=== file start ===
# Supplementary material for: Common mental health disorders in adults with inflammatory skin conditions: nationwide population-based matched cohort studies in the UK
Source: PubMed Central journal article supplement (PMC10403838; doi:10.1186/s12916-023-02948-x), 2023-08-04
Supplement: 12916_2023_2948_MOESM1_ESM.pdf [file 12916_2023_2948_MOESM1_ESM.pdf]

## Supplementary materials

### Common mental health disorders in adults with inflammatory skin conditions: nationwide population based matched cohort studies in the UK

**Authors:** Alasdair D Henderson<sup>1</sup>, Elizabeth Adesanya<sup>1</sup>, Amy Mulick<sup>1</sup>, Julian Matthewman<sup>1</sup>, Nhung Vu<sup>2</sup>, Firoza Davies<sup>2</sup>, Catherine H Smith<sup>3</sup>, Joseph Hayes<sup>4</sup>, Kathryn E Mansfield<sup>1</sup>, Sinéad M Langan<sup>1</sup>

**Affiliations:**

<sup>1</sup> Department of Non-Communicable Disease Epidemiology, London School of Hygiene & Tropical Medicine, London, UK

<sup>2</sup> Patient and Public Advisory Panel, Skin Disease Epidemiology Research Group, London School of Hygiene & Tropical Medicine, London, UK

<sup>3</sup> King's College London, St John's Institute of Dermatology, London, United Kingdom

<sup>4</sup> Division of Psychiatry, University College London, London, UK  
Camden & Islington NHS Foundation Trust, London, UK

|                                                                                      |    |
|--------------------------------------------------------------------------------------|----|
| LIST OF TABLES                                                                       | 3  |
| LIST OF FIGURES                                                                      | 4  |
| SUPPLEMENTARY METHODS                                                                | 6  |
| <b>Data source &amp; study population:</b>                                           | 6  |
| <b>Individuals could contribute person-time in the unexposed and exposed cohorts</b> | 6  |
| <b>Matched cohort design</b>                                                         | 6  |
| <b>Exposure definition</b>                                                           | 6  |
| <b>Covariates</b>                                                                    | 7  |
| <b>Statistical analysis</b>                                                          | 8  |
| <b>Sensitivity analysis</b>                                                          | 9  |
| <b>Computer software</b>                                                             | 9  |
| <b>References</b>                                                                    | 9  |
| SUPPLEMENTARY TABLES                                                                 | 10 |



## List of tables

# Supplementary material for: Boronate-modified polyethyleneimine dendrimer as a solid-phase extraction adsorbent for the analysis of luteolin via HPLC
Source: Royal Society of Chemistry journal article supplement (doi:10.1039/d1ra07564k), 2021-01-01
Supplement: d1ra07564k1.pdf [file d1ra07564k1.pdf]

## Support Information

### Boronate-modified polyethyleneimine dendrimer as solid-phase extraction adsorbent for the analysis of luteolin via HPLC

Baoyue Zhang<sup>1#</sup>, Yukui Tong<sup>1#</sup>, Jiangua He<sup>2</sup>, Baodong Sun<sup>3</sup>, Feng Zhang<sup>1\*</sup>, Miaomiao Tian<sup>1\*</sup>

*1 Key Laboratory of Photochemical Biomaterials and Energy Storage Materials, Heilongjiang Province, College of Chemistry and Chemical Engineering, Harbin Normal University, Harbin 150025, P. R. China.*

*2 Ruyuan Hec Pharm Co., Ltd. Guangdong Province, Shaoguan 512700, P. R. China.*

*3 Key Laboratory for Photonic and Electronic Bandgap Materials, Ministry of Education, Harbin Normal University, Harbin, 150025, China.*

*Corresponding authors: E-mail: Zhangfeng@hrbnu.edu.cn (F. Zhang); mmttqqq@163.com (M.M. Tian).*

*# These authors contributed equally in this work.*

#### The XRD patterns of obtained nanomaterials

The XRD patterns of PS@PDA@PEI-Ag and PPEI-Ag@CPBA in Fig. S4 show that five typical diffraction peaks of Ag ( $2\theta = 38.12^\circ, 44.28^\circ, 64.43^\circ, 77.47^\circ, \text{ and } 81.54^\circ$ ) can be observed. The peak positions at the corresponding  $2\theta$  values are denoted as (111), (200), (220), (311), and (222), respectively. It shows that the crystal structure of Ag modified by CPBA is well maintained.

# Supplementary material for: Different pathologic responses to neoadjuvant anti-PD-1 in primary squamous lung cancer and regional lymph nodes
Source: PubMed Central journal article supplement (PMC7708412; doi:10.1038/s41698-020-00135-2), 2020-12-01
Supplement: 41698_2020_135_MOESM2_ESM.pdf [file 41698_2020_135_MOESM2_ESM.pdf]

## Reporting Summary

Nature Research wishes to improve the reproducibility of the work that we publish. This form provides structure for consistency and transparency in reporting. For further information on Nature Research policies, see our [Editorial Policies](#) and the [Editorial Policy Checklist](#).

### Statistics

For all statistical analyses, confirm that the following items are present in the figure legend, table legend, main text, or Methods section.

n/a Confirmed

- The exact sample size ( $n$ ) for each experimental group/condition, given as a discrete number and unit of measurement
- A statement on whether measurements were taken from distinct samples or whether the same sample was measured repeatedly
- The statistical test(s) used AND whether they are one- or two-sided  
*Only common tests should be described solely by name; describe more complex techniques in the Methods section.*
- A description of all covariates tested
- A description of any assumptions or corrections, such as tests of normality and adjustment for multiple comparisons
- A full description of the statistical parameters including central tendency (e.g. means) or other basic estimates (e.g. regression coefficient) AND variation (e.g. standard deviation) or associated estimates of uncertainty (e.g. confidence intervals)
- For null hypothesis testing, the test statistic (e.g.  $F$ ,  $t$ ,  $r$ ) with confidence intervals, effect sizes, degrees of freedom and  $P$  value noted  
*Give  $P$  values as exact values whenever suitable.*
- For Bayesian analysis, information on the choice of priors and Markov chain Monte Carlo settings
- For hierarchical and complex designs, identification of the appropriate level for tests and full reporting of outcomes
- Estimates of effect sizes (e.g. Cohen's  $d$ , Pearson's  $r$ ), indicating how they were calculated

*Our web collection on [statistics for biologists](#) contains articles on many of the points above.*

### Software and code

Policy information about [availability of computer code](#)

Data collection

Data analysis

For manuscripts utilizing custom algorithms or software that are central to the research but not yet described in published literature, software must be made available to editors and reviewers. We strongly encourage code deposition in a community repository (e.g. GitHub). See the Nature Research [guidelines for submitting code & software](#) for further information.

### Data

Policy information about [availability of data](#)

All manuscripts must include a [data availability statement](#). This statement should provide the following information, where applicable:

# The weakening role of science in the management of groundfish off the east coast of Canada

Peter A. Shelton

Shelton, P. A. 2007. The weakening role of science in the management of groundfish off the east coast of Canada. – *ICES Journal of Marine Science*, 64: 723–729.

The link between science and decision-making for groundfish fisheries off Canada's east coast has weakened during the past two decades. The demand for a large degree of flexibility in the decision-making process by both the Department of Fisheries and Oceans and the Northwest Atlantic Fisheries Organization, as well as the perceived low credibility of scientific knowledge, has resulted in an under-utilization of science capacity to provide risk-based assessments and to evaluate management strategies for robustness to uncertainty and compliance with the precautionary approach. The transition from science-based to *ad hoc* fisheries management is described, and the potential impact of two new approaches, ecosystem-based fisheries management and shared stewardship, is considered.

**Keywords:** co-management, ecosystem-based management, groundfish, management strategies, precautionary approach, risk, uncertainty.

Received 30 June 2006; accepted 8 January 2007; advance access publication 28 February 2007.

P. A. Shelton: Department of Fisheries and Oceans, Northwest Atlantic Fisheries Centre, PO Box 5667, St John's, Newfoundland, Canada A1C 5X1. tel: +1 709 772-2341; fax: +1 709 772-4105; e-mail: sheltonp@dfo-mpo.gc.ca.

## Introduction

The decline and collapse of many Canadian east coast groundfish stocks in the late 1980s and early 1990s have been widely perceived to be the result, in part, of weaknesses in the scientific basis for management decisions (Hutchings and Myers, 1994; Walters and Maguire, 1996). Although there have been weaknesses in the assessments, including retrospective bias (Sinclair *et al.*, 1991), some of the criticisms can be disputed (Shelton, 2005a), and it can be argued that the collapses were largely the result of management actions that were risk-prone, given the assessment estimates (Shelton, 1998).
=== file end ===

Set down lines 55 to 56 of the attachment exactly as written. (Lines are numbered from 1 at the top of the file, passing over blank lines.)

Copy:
- A description of any assumptions or corrections, such as tests of normality and adjustment for multiple comparisons
- A full description of the statistical parameters including central tendency (e.g. means) or other basic estimates (e.g. regression coefficient) AND variation (e.g. standard deviation) or associated estimates of uncertainty (e.g. confidence intervals)